In today’s Gospel (Mark 10, 46-52), Bartimeus cries out, “Jesus, Son of David, have mercy on me.” In other parts of the Gospel, we encounter similar prayers, crying out to Jesus and asking for mercy.
The Jesus prayer, based on these Gospel prayers, is a tradition coming to us from eastern Christianity. It was popularized in the nineteenth and twentieth centuries by the anonymous Russian book, The Way of the Pilgrim, but it probably goes back to the desert fathers of the fourth and fifth century and can be found in the writing of St. John Climacus (523-606). The Orthodox anthology for prayer, The Philokalia, also features the prayer.
The common formula is “Lord Jesus Christ, Son of God, have mercy on me, a sinner,” though it is sometime abbreviated to “Lord Jesus, have mercy,” or even just to the name Jesus. The form I use is “Jesus, Lord, be merciful.” Occasionally I‘ll pray it in Spanish, “Señor Jesús, ten piedad.”
The phrase is repeated – sometime with careful breathing. It is a type of Christian mantra, a way of concentrating one’s attention on the Lord.
I’ve found it to be a soothing presence, a prayer that needs no books and can be done walking or running or working. It keeps me going on desert times of my spiritual life. It’s a great way to center myself before beginning an extended period of prayer. I often pray it thirty-three times (on prayer beads I got in Jerusalem) before my morning prayer.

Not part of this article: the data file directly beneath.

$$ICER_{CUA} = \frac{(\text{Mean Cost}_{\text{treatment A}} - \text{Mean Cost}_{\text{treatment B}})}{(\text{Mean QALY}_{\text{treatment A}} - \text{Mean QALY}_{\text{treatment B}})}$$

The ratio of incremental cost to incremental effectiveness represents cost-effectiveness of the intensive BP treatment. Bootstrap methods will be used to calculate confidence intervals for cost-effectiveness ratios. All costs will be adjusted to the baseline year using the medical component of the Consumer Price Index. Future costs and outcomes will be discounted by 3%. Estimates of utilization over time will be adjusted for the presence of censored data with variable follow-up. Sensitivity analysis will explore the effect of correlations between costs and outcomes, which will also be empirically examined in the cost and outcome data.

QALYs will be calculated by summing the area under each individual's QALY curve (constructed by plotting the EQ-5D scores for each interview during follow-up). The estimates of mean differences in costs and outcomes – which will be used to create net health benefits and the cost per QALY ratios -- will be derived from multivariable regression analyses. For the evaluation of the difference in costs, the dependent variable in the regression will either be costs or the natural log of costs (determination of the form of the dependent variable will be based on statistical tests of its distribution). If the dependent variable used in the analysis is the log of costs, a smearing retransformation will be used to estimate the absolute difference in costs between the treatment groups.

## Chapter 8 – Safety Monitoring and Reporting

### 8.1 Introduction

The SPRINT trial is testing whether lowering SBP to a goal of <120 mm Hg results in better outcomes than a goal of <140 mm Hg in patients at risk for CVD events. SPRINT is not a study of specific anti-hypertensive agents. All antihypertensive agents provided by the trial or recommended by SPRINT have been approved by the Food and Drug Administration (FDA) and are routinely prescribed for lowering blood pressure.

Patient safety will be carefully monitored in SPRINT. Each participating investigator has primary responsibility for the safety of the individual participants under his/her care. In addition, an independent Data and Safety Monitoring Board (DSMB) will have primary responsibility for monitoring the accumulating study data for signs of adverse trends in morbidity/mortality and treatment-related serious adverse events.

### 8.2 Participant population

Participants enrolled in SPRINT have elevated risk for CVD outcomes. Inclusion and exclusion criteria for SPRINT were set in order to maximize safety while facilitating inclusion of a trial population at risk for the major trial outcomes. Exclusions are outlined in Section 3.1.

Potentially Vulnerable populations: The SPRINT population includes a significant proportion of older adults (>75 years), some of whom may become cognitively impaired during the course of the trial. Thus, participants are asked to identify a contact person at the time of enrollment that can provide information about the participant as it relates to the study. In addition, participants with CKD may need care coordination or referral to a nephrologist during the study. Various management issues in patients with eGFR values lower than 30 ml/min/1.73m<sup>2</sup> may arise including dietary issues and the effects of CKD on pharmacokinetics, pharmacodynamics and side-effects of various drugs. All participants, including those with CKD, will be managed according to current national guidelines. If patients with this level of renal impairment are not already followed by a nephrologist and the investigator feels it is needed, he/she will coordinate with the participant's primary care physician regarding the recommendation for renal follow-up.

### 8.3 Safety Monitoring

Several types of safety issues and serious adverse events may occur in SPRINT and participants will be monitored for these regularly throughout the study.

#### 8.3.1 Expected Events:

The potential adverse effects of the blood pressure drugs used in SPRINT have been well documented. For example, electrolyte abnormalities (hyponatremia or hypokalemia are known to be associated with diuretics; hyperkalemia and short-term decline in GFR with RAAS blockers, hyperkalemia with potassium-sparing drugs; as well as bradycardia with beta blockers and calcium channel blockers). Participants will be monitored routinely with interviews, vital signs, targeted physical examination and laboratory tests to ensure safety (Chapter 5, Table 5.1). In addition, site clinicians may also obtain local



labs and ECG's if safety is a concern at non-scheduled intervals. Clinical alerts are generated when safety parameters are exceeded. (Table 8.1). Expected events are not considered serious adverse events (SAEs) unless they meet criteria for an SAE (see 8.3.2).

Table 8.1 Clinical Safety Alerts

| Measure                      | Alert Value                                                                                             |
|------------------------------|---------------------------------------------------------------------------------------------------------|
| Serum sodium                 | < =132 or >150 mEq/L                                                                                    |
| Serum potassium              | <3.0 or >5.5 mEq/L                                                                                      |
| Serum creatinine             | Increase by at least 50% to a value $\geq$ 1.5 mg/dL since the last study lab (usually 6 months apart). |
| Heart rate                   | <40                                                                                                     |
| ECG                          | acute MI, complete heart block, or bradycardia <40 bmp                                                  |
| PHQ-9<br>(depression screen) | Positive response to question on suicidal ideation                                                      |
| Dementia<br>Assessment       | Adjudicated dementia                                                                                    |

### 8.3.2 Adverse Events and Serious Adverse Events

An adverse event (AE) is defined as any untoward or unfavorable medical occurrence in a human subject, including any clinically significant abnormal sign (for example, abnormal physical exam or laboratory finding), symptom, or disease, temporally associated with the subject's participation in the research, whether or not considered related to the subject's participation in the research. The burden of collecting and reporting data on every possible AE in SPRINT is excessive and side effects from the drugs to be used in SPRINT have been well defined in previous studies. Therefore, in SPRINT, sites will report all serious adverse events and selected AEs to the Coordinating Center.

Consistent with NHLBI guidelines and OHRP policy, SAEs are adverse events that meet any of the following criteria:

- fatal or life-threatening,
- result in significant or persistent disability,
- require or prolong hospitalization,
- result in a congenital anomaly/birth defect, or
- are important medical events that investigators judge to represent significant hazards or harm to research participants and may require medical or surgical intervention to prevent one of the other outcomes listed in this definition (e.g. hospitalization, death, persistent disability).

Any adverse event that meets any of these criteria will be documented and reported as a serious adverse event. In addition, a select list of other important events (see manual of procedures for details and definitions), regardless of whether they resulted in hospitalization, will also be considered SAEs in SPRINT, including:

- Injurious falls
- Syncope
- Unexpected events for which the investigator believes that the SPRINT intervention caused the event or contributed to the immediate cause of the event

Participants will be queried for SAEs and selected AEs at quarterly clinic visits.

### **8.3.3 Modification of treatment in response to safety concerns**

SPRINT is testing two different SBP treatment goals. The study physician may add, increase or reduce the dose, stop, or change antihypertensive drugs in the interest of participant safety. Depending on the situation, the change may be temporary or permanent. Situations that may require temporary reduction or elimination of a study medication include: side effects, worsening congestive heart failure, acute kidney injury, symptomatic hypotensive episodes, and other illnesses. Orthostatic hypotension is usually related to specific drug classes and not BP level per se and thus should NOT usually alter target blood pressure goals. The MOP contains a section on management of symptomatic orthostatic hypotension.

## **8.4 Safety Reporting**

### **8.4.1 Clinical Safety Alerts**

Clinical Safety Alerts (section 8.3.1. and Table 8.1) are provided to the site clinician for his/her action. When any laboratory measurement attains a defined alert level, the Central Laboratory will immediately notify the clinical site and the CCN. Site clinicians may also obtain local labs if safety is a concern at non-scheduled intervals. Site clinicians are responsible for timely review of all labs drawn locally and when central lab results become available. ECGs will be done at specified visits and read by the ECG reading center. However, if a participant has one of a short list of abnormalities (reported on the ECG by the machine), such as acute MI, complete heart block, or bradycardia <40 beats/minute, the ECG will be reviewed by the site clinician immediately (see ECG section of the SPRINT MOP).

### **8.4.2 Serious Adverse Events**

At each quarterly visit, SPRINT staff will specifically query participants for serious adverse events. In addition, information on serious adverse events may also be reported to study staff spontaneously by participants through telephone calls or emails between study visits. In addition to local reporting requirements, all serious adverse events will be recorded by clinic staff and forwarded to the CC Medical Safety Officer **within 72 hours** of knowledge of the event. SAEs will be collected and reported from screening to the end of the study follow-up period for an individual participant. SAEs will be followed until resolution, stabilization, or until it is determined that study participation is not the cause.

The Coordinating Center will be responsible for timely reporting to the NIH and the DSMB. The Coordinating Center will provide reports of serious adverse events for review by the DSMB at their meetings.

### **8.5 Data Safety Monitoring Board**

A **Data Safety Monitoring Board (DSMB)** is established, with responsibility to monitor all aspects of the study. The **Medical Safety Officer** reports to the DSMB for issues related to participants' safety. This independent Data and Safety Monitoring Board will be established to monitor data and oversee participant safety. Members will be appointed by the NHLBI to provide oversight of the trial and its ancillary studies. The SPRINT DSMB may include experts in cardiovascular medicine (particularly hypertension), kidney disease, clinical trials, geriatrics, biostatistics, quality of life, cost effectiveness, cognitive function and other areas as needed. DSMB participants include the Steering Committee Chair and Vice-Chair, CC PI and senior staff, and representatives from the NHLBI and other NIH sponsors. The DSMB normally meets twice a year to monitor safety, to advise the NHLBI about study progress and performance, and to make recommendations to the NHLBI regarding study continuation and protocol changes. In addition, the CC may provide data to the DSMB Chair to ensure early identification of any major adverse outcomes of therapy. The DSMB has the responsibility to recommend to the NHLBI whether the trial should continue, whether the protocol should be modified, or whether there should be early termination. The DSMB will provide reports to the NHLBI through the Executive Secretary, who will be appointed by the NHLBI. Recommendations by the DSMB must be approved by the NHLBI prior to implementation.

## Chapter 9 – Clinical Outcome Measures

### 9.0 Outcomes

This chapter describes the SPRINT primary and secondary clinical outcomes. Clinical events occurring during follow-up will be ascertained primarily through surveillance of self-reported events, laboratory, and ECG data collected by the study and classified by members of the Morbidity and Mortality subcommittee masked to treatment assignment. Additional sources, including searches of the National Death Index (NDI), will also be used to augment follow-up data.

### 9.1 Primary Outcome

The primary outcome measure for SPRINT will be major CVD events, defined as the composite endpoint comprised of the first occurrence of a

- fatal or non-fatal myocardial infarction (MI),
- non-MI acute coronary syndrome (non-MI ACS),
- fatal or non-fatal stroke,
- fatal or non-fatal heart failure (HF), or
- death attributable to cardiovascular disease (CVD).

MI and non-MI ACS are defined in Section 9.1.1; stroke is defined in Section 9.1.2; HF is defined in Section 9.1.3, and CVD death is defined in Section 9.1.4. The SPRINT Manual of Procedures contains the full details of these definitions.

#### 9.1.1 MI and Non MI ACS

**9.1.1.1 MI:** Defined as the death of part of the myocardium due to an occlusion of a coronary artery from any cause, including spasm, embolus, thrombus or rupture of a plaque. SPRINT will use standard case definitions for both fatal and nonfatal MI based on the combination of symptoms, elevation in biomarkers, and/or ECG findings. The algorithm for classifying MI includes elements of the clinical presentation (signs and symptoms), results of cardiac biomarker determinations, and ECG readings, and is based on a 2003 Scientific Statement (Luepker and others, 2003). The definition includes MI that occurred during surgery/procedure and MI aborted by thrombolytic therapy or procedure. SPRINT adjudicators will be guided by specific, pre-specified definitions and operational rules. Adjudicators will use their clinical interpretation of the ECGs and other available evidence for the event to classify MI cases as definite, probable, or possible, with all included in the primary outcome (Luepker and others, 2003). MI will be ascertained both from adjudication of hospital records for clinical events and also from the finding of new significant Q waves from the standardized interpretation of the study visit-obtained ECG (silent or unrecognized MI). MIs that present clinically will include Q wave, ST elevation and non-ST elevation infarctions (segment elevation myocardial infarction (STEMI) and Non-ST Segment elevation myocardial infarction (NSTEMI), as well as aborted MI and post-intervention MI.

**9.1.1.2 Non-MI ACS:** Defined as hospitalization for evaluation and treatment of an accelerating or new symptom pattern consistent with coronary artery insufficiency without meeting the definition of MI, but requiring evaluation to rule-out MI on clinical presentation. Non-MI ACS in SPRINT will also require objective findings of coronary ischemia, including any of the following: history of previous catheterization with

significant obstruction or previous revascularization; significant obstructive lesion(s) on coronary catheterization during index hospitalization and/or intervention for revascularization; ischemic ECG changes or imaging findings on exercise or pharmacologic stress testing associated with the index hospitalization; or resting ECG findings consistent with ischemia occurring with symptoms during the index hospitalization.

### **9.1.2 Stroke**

There is a story of John Leary, a young man who lived at Haley House, the Catholic Worker house in Boston. John was a Harvard graduate, but also an advocate of peace and nonviolence who had been arrested several times for protesting nuclear weapons and abortion. He used to run on his way to and from work at a center for Pax Christi Center on Conscience and War in Cambridge founded by Gordan Zahn, a famous Catholic sociologist and pacifist (who incidentally brought to light the story of Franz Jägerstätter, the Austrian peasant killed for refusing to fight in Hitler’s army). Gordon asked John about his running, which seemed so mundane and boring. John replied that he prayed the Jesus prayer while running. On August 31, 1982, while running home to the Catholic Worker John died, probably praying the Jesus Prayer.
I have found the prayer a source of strength and of consolation, great to pray when in difficult or dangerous situations, calling on the Lord’s presence. I have also found myself praying it, without thinking, as a sort of bass note, sustaining the polyphony of my life.
I recommend the Prayer – perhaps just repeating it ten, thirty-three, or a hundred times. It can become a habit that can sustain the spiritual life, even in dry times.
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My own mantra: Come Lord Jesus
Heal and save us.